n a typical mammalian olfactory system, neurons expressing a receptor gene like MOR28 will be found randomly sprinkled around the lining of the nose, but their long, wiry axons will all connect to just two symmetrical pairs of structures called glomeruli within the brain's olfactory bulb. The glomeruli relay odor signals to the rest of the brain.

Barnea and Tsai's developed similarly, with most native MOR28-expressing neurons connecting their axons into the typical glomeruli during . But when the researchers let the engineered MOR28 become expressed, those connected into other nearby glomeruli. Significantly, native MOR28 axons sometimes ended up becoming rerouted to these alternate glomeruli with their engineered brethren. Under the microscope, green mixed with red.

It's a novel finding that some engineered MOR28-expressing neurons could reroute native MOR28-expressing neurons to join them outside the standard four MOR28 glomeruli. It suggests that influence each other during early development as they find their way to glomeruli and don't, as current neurodevelopmental models suggest, do so autonomously.

Timing is everything

But the main finding of a critical period where wiring becomes locked in came about as Tsai controlled the timing of engineered MOR28 receptor expression. She induced that on the day some mice were born, a week later in other mice, and two weeks later in still others. In mice where engineered MOR28 expression was allowed at birth, one in nine mice showed rerouting of native MOR28 axons to glomeruli with engineered MOR28. A week out only one in 17 mice showed any rerouting. After two weeks it never happened.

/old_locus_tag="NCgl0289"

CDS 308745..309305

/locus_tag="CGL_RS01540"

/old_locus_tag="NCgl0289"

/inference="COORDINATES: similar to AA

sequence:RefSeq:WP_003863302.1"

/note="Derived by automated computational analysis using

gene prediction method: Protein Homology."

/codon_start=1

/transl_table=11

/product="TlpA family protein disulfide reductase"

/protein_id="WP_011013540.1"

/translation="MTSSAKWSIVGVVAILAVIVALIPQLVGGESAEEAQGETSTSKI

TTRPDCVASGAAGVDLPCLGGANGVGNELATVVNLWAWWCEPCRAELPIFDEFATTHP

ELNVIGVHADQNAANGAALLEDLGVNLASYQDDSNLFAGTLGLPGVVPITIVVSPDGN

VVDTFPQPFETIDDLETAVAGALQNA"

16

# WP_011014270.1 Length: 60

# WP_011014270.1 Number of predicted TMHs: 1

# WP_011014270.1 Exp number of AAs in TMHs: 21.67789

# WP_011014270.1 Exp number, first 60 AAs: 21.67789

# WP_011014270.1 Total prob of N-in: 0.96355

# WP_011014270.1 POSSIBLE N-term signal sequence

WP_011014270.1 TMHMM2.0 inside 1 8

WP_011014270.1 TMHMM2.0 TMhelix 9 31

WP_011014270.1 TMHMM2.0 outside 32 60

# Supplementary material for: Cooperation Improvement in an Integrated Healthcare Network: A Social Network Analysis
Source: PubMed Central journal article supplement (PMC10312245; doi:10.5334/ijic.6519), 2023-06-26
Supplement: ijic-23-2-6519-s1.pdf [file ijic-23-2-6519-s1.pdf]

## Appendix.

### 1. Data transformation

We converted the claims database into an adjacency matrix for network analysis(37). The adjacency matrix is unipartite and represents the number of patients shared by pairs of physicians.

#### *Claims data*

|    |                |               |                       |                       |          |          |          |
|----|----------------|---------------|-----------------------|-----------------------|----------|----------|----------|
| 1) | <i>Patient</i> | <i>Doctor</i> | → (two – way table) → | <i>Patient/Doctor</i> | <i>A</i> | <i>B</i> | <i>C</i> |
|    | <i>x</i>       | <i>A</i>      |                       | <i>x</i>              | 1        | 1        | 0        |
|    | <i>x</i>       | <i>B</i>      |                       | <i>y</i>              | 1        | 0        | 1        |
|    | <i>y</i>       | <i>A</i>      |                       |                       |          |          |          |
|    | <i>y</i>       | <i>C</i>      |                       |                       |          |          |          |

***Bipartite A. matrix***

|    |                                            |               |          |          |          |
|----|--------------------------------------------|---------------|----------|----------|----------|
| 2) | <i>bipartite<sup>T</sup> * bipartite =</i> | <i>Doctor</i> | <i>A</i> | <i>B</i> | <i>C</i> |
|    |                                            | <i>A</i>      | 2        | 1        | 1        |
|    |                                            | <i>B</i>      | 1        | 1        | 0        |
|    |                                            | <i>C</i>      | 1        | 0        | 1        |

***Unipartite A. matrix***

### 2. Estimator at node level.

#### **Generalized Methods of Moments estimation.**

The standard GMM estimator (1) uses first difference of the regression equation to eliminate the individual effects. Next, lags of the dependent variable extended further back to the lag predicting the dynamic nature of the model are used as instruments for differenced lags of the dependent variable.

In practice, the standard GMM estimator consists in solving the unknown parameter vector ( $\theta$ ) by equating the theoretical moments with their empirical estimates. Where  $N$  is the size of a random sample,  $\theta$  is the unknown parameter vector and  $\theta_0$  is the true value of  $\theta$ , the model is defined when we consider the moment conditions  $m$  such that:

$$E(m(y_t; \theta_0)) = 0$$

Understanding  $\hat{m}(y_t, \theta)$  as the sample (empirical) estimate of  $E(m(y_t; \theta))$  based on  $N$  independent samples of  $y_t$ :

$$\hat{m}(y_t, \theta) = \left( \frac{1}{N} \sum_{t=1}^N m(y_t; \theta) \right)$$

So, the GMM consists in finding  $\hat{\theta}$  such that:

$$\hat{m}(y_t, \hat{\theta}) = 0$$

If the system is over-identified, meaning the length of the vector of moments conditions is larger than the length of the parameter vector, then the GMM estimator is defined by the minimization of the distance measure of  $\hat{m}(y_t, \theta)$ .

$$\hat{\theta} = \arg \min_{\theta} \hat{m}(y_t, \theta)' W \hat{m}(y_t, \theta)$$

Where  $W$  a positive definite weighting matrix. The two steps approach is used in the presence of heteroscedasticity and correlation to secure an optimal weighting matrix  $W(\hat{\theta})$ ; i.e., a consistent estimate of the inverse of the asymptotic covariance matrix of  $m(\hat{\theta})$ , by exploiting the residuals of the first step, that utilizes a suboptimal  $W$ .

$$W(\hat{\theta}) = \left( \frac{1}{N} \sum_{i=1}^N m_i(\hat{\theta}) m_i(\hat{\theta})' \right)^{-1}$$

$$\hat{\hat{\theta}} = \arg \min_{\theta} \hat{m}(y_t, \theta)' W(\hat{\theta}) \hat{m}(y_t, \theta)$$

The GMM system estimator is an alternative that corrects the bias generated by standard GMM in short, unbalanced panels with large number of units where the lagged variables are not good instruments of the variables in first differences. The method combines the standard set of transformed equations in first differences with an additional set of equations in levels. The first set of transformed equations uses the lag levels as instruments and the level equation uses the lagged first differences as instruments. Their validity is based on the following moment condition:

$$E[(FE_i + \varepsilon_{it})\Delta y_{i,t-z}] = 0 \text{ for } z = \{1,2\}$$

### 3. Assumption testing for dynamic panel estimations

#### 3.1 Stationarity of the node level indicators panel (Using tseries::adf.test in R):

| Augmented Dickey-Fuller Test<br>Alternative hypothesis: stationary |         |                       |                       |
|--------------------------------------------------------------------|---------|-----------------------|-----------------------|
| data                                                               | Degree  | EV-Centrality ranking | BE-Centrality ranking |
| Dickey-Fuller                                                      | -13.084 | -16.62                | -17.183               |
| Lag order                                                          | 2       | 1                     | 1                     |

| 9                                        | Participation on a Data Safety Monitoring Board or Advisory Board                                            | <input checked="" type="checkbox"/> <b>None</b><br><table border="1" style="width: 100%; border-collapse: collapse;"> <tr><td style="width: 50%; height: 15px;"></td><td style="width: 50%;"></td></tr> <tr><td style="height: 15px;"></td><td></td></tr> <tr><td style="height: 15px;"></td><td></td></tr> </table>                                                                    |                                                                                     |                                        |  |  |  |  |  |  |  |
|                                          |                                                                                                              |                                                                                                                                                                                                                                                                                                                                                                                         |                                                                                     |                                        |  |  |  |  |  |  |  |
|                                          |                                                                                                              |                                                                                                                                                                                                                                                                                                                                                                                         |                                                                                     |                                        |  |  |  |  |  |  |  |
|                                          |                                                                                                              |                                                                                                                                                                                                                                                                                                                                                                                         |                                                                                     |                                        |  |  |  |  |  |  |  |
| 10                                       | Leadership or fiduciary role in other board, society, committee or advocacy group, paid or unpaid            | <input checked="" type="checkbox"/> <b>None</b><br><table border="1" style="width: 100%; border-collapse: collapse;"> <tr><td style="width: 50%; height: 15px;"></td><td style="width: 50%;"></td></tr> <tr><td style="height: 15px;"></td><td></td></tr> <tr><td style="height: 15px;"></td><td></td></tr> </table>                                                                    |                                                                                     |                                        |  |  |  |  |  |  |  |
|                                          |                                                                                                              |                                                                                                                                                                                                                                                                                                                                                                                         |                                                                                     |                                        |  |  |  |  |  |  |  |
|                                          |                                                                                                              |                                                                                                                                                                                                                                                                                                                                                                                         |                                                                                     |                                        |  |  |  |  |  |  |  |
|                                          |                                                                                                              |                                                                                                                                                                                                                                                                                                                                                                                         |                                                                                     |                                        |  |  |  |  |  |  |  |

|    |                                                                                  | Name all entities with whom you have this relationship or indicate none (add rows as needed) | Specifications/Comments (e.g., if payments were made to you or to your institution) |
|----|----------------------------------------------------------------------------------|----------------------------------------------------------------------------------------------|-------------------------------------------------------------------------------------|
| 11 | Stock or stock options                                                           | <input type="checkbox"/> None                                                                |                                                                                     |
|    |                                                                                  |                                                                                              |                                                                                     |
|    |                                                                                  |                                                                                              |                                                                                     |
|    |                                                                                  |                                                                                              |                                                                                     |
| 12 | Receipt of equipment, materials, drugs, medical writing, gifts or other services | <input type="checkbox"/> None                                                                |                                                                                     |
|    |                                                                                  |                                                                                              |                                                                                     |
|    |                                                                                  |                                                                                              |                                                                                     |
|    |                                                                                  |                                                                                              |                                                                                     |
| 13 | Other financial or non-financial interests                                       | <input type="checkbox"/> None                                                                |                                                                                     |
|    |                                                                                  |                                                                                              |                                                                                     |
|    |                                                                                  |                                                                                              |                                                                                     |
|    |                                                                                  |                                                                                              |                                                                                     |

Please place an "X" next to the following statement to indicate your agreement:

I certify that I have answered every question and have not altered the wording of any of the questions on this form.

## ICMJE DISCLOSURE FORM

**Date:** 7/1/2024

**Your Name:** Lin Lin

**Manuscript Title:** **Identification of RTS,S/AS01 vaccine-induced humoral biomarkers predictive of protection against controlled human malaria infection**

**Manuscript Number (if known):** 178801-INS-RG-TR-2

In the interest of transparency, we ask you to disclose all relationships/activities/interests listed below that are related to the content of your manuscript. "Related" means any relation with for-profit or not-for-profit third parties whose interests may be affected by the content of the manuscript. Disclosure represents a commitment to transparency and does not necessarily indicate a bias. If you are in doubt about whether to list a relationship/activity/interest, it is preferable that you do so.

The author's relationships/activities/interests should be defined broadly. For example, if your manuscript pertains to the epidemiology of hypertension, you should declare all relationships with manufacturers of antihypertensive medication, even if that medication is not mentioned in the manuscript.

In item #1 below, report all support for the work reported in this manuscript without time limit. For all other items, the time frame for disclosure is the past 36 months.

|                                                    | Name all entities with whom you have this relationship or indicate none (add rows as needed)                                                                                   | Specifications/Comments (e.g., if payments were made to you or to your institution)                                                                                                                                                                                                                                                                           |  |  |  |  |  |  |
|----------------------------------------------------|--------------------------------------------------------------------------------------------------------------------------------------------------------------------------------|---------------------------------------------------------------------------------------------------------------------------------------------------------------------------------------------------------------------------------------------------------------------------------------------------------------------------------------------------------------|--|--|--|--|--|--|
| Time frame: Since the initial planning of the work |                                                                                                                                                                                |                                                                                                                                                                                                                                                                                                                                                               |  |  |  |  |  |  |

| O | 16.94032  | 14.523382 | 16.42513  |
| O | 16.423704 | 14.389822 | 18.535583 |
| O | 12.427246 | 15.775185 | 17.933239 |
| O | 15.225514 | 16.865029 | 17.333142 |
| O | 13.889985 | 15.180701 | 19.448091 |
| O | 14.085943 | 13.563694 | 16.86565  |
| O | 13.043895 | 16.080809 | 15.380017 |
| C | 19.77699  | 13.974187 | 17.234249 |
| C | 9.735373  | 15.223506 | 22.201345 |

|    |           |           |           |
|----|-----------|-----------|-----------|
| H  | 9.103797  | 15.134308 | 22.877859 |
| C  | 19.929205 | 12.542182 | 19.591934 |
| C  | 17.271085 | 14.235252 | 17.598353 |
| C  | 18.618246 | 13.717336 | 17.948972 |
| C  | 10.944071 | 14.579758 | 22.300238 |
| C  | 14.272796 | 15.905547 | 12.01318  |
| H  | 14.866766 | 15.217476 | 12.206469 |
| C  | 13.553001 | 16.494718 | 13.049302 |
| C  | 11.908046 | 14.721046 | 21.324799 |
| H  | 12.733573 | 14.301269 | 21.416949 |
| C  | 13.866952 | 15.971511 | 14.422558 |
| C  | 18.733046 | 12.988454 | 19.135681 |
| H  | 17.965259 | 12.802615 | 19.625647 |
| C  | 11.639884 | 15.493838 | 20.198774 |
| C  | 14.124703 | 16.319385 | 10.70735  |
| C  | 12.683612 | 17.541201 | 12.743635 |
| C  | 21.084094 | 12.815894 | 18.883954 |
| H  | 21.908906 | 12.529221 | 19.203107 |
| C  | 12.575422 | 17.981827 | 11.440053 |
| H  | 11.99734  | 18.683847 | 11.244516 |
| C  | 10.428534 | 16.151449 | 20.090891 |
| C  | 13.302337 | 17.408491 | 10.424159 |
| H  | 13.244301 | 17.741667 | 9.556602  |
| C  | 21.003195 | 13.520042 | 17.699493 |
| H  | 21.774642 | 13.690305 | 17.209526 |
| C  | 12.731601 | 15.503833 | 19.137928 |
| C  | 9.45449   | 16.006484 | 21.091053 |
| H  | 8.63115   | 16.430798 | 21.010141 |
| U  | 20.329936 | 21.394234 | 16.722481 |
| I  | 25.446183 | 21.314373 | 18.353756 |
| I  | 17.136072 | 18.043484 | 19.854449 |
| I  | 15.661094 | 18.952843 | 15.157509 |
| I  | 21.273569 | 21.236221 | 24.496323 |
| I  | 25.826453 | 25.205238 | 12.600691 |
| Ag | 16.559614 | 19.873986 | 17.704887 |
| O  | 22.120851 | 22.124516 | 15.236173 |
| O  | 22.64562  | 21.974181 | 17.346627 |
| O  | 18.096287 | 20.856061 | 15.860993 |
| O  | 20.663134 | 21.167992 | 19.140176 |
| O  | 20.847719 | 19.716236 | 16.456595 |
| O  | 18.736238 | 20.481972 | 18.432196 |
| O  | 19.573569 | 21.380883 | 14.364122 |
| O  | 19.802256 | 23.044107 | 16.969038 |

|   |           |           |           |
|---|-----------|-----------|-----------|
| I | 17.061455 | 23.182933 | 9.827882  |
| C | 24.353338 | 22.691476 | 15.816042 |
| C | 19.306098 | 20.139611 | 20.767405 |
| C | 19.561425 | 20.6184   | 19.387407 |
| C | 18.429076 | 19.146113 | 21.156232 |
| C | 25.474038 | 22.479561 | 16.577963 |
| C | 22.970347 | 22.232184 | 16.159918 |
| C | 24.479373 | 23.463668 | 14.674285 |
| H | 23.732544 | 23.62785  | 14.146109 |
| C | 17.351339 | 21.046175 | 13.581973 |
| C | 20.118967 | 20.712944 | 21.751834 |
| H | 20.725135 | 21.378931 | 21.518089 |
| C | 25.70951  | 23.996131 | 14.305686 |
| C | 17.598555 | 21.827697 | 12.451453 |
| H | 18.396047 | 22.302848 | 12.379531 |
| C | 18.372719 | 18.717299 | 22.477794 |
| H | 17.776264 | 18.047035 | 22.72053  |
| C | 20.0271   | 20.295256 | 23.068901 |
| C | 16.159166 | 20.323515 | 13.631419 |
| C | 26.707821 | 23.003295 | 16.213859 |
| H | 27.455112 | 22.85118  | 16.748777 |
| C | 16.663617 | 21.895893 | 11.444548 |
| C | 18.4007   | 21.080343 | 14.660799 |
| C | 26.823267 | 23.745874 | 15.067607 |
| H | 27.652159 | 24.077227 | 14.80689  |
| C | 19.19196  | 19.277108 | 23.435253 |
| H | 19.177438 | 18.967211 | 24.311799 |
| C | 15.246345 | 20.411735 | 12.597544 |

"We conclude that there is a critical period for the formation of rerouted-MOR28 glomeruli that ends at birth or shortly thereafter," Tsai and Barnea wrote in Science.

The researchers also looked at this in other ways. In one experiment, they found that they didn't need to maintain expression of the engineered MOR28 for the rerouted connections to persist into adulthood. Once established, they remained.